In October of 2013, two outreach workers from the New York Harm Reduction Educators (NYHRE) were walking past a Harlem United housing facility on Lexington Avenue and they came upon a dumpster on the sidewalk that they said held records including “the full name, HIV diagnosis, secondary diagnosis of MAI, medication list, CD4 count, Viral Load, Social Security card, and New York State Benefit ID Card” of Harlem United clients.
The workers went into the facility and reported to staff of the AIDS group that people were “rummaging through the exposed materials on the sidewalk,” according to a letter that Carolina M. Lopez, the NYHRE’s executive director, later sent to Harlem United and about a half dozen government agencies. The workers “were met with indifference by the staff at Harlem United,” Lopez wrote.
The NYHRE workers took the records and carried them back to their own office where they were reviewed by a deputy director who concluded that they contained “a multitude of [HIPAA] and [Americans with Disabilities Act] violations, involving five individuals,” the letter said.
Healthcare provider says it’s not covered by federal healthcare provider confidentiality law
Roughly two weeks later, Lopez filed a complaint with the Office for Civil Rights at the US Department of Health and Human Services (HHS) which investigates breaches of patient records under HIPPA, the 1996 Health Insurance Portability and Accountability Act. In the complaint, Lopez wrote, “The file contained confidential information about the HIV status, medical conditions, substance use histories, and personal identification of numerous clients at Harlem United.”
On June 27, 2014, HHS began its investigation into a possible HIPAA violation by writing to Harlem United and asking if it was a “covered entity” as that is defined under federal law. More specifically, the federal agency asked, “Are any of the covered transactions transmitted in electronic form?” and “Does your organization furnish, bill, or receive payment for health care provided to patients?”
Harlem United has been billing Medicaid for years. In 2012, the latest year Gay City News could find information for, Harlem United billed Medicaid just over $2.1 million, accounting for about 10 percent of the agency’s revenues that year, according to an annual form that non-profits file with the IRS.
Currently on its website, Harlem United says it provides primary care services to clients at two health centers and uses “state-of-the-art electronic medical records,” which would mean it is a “covered entity” as that is defined under federal law. It has been operating a federally qualified health center since 2007 where it provides healthcare to clients.
But in its July 2014 response, Harlem United wrote, “No, neither Harlem United nor [North General AIDS Housing Development Fund Corporation] furnishes, bills, or receives payment for health care provided to patients.”
The North General entity is a wholly owned subsidiary of Harlem United that operates the housing facility where the records were found. The agency declined to comment, and HHS did not respond to requests for comment.
On July 31, HHS wrote to Lopez informing her that it had closed the case because it “does not have authority to investigate your complaint… In this particular case, Harlem United does not meet the definition of a health care provider as it does not provide health care services. In a conversation with a Harlem United staff member, [the Office for Civil Rights] learned that Harlem United’s primary purpose is the provision of housing services.”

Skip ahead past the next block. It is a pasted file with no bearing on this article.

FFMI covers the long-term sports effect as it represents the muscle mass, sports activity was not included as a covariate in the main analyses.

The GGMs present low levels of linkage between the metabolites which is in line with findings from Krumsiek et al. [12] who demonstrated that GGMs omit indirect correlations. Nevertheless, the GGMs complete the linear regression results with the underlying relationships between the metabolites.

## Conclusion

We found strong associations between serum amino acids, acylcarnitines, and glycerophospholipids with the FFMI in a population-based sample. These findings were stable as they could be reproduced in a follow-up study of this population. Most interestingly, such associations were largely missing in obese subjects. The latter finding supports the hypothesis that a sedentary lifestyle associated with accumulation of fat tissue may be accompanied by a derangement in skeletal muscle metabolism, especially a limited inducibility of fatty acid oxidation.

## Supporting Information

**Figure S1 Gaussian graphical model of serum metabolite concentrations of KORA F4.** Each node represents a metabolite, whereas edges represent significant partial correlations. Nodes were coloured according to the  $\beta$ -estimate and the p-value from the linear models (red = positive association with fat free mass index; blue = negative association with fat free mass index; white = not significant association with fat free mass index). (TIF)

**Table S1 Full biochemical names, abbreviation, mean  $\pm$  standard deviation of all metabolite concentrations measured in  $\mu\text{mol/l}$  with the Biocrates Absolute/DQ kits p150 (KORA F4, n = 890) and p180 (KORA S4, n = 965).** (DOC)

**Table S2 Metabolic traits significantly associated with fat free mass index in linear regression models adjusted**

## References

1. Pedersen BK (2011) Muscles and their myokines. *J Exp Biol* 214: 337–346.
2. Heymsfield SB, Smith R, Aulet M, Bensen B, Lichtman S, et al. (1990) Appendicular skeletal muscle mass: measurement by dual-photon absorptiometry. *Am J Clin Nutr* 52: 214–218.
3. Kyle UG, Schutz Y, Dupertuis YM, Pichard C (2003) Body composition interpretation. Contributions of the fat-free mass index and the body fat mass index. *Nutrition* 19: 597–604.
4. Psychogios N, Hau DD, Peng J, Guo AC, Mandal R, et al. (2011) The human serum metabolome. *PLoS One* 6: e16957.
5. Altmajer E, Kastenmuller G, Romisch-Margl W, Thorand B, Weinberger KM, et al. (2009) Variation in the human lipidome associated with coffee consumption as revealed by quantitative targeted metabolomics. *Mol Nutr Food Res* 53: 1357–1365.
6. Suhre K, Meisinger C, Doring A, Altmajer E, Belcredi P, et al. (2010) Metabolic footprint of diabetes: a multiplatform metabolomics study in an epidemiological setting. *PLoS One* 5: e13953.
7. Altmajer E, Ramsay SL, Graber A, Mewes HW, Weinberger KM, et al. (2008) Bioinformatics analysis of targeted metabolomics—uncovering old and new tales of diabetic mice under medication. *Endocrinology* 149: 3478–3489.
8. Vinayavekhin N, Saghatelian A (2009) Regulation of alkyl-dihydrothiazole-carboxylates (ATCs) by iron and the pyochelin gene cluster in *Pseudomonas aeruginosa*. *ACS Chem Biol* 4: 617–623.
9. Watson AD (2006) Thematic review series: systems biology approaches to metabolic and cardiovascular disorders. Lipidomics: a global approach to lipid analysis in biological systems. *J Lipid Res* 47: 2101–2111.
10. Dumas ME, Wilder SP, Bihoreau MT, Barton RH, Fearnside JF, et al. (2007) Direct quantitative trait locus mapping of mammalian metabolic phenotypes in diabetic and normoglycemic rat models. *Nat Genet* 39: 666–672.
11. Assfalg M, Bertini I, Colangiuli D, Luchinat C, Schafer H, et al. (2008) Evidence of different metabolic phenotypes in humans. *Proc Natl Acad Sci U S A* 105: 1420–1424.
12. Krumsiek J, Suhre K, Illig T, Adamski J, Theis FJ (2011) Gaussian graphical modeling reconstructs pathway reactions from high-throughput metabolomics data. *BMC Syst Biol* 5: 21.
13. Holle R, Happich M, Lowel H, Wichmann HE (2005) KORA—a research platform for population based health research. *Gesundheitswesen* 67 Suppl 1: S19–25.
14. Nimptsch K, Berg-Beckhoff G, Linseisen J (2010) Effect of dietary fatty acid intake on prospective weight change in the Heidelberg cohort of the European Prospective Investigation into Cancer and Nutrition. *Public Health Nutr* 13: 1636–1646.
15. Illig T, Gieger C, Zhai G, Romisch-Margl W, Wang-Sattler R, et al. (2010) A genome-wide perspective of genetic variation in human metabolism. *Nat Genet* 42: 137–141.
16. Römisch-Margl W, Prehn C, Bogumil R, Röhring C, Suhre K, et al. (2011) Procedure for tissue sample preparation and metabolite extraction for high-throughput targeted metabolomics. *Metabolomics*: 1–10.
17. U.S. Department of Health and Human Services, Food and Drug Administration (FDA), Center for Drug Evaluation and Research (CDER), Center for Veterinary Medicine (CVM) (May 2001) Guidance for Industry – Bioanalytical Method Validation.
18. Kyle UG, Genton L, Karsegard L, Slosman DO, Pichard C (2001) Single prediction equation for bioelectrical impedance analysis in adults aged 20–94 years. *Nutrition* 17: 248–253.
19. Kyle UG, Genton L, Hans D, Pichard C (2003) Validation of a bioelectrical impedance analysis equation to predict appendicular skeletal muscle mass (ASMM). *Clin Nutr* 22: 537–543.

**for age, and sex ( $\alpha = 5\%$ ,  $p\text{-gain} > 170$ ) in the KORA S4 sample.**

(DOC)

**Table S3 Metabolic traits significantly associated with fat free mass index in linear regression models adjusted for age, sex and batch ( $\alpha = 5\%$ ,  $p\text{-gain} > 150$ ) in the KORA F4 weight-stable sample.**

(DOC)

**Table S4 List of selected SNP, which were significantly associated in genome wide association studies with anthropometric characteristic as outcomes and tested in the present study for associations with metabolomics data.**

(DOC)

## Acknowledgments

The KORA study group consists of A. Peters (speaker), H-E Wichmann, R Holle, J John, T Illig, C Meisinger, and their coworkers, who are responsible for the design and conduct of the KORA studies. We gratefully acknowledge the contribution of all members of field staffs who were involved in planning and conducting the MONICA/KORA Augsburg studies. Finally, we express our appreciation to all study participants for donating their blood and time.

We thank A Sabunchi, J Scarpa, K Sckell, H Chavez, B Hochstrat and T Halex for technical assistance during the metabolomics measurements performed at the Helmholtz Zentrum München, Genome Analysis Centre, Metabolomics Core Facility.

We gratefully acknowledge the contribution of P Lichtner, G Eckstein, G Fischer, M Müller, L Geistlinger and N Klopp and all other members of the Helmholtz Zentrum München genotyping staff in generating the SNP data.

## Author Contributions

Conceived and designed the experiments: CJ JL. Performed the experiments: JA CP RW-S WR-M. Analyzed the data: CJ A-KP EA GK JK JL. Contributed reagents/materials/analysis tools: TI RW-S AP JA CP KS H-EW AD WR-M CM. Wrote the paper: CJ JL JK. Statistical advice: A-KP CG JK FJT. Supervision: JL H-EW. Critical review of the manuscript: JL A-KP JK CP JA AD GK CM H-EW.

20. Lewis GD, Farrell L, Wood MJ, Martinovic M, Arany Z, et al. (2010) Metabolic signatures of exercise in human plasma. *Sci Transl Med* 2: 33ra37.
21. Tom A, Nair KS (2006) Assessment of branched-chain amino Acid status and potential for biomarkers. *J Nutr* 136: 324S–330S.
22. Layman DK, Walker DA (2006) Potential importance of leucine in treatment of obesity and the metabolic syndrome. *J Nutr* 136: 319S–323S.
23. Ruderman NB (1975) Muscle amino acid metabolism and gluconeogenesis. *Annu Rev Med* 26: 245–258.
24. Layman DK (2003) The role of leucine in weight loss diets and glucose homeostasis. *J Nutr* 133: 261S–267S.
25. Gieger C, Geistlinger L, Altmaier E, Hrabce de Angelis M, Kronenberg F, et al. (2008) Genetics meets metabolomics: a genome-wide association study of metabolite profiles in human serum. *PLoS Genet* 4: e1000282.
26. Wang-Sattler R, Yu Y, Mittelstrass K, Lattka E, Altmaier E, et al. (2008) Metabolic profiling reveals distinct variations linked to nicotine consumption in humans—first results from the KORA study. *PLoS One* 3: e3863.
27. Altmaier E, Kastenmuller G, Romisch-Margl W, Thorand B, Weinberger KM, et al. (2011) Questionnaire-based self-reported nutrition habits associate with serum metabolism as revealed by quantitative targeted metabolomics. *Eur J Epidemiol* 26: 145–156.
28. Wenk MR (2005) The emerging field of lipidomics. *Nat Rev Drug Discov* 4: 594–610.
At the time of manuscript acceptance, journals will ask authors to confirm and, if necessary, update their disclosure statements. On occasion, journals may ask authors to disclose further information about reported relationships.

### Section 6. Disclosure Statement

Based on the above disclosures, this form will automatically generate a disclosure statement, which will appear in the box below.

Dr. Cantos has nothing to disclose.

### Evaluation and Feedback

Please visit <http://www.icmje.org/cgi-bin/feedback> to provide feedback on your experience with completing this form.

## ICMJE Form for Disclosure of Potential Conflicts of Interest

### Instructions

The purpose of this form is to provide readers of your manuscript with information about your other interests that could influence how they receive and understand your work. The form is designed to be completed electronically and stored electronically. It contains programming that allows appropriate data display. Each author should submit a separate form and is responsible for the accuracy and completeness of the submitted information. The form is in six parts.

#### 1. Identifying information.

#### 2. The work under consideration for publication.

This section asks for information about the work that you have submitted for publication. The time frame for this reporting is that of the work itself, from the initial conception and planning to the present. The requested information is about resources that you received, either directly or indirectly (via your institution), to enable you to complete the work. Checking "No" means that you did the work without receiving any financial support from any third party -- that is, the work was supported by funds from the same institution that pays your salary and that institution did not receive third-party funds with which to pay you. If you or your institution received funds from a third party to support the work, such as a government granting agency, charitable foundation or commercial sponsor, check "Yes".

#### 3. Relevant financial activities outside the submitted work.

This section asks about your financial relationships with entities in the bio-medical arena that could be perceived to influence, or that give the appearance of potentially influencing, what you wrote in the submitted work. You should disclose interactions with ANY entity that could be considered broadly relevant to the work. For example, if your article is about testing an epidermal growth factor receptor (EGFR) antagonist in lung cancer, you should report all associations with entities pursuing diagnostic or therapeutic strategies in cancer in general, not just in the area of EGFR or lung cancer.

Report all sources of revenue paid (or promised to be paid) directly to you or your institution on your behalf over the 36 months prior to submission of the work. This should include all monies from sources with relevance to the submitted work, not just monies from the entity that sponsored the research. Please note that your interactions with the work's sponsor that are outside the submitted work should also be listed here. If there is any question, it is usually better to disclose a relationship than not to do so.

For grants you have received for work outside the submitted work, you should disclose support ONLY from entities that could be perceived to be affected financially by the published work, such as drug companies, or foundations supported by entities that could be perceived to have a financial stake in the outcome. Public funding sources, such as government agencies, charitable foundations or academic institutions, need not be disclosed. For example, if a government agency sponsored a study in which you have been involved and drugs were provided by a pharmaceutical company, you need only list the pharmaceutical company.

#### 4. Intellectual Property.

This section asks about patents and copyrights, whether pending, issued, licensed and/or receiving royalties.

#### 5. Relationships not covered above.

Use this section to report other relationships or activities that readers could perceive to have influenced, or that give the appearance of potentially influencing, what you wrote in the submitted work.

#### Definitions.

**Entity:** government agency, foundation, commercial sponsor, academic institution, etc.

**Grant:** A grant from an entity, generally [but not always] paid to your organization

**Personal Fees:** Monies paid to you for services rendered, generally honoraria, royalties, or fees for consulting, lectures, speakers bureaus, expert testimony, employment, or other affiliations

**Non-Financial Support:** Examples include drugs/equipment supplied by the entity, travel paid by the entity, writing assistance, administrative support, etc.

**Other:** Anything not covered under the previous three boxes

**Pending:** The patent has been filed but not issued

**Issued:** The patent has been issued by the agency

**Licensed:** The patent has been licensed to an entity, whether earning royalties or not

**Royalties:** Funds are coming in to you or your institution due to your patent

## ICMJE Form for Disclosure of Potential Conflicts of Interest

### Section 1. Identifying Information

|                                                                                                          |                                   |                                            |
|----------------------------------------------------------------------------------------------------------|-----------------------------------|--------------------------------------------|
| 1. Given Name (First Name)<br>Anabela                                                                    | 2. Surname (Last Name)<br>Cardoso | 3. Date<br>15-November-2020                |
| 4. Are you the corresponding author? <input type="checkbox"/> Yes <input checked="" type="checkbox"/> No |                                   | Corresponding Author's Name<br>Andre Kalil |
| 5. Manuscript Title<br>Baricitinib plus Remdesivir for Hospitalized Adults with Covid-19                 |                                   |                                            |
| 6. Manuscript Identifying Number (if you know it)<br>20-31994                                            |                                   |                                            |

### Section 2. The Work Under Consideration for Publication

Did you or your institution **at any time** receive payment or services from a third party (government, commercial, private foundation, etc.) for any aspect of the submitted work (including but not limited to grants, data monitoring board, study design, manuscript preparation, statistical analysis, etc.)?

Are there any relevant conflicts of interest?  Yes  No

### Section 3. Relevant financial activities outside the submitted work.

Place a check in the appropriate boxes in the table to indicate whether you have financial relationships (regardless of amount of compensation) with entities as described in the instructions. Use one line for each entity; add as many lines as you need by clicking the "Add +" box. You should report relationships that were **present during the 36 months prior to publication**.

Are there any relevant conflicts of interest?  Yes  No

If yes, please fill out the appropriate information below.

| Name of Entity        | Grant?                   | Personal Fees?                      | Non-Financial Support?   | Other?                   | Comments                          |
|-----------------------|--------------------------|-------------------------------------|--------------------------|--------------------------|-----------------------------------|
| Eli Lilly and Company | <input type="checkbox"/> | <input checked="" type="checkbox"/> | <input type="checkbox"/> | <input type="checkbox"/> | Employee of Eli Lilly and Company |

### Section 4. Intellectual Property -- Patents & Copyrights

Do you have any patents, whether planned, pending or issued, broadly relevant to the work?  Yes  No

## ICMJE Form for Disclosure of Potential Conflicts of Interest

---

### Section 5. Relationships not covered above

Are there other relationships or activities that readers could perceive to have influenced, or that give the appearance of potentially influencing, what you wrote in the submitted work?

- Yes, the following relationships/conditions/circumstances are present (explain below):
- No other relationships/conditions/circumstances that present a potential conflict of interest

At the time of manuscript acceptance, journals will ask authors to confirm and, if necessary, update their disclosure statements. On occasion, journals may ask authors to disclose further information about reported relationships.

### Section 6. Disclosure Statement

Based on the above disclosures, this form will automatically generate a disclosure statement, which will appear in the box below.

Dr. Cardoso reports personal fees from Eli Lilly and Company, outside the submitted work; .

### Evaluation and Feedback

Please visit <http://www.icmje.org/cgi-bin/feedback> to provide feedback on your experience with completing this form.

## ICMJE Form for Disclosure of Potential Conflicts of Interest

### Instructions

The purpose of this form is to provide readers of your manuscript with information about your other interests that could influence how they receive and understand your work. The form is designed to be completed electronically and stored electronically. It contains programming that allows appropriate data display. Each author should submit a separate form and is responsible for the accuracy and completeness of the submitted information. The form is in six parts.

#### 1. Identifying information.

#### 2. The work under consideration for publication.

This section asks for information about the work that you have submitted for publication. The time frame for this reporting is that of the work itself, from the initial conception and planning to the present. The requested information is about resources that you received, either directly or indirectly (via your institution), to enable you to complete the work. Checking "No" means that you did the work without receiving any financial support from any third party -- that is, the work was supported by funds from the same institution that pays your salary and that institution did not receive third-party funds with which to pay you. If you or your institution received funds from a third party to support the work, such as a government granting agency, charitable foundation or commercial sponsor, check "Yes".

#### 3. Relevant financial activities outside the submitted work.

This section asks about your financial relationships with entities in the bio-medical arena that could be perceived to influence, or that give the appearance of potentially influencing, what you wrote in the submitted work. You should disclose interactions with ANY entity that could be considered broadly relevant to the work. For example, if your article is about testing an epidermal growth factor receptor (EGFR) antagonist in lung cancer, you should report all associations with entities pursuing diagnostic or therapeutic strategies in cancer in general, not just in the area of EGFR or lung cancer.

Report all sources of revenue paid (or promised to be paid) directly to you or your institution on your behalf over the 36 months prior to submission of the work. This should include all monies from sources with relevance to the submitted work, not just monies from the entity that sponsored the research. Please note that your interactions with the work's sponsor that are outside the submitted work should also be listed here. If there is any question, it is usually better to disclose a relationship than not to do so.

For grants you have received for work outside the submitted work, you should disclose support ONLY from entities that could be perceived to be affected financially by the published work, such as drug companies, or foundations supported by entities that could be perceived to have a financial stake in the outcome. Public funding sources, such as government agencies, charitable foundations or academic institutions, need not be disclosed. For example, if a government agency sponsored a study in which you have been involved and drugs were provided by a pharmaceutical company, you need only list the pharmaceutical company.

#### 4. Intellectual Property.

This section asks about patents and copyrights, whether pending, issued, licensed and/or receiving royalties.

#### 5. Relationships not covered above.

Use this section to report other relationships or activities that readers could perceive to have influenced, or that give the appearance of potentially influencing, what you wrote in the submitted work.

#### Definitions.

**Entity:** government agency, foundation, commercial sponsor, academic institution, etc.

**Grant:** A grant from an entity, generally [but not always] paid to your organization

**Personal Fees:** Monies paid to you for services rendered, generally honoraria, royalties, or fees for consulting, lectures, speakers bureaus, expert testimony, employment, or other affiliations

Gay City News sought the records under the federal Freedom of Information Act last year after Kelsey Louie, the chief operating officer at Harlem United until mid-2014, was accused of rigging a board election at Front Runners New York by registering clients at the AIDS Service Center NYC. Gay City News sought the records to determine if Louie, who now heads GMHC, had been accused of breaching the confidentiality of medical records.
Louie and the AIDS Service Center NYC are not named in any HIPAA complaint. GMHC is named in a 2005 complaint, which was outside the date range for records that Gay City News sought. The Harlem United records were released to Gay City News this past September.
Jonathan E. Montgomery, an attorney in the healthcare practice at Gordon Feinblatt LLC in Baltimore, was not surprised that HHS asked Harlem United if it was a “covered entity” because it is not immediately apparent that the agency is a healthcare provider.
“It makes sense because they are not talking to a hospital where there is no question,” Montgomery said. “They have to establish their jurisdiction.”
As to Harlem United’s assertion that it was not a “covered entity,” Montgomery said that was possible, but unlikely.
“It’s very rare that a healthcare provider that collects and bills for services will not be a HIPAA entity,” he said. “I’ve never encountered [a federally qualified health center] that asserted it was not covered by HIPAA. It’s theoretically possible, but it would be very surprising.”
Editor's note: Subsequent to the publication of this story, Kimberleigh J. Smith, Harlem United's vice president for policy, advocacy & communications, in an email message said the group “will not comment on complaints or investigations,” but explained, “Harlem United does not provide health care services, and is not a Federally Qualified Health Center. Upper Room AIDS Ministry, Inc.: Adult Day Health Care, which is a subsidiary corporation of Harlem United (and is a separate 501(c)(3) not-for-profit corporation with a separate EIN) is the Federally Qualified Health Center, and provides health care services and bills Medicaid for those health care services.”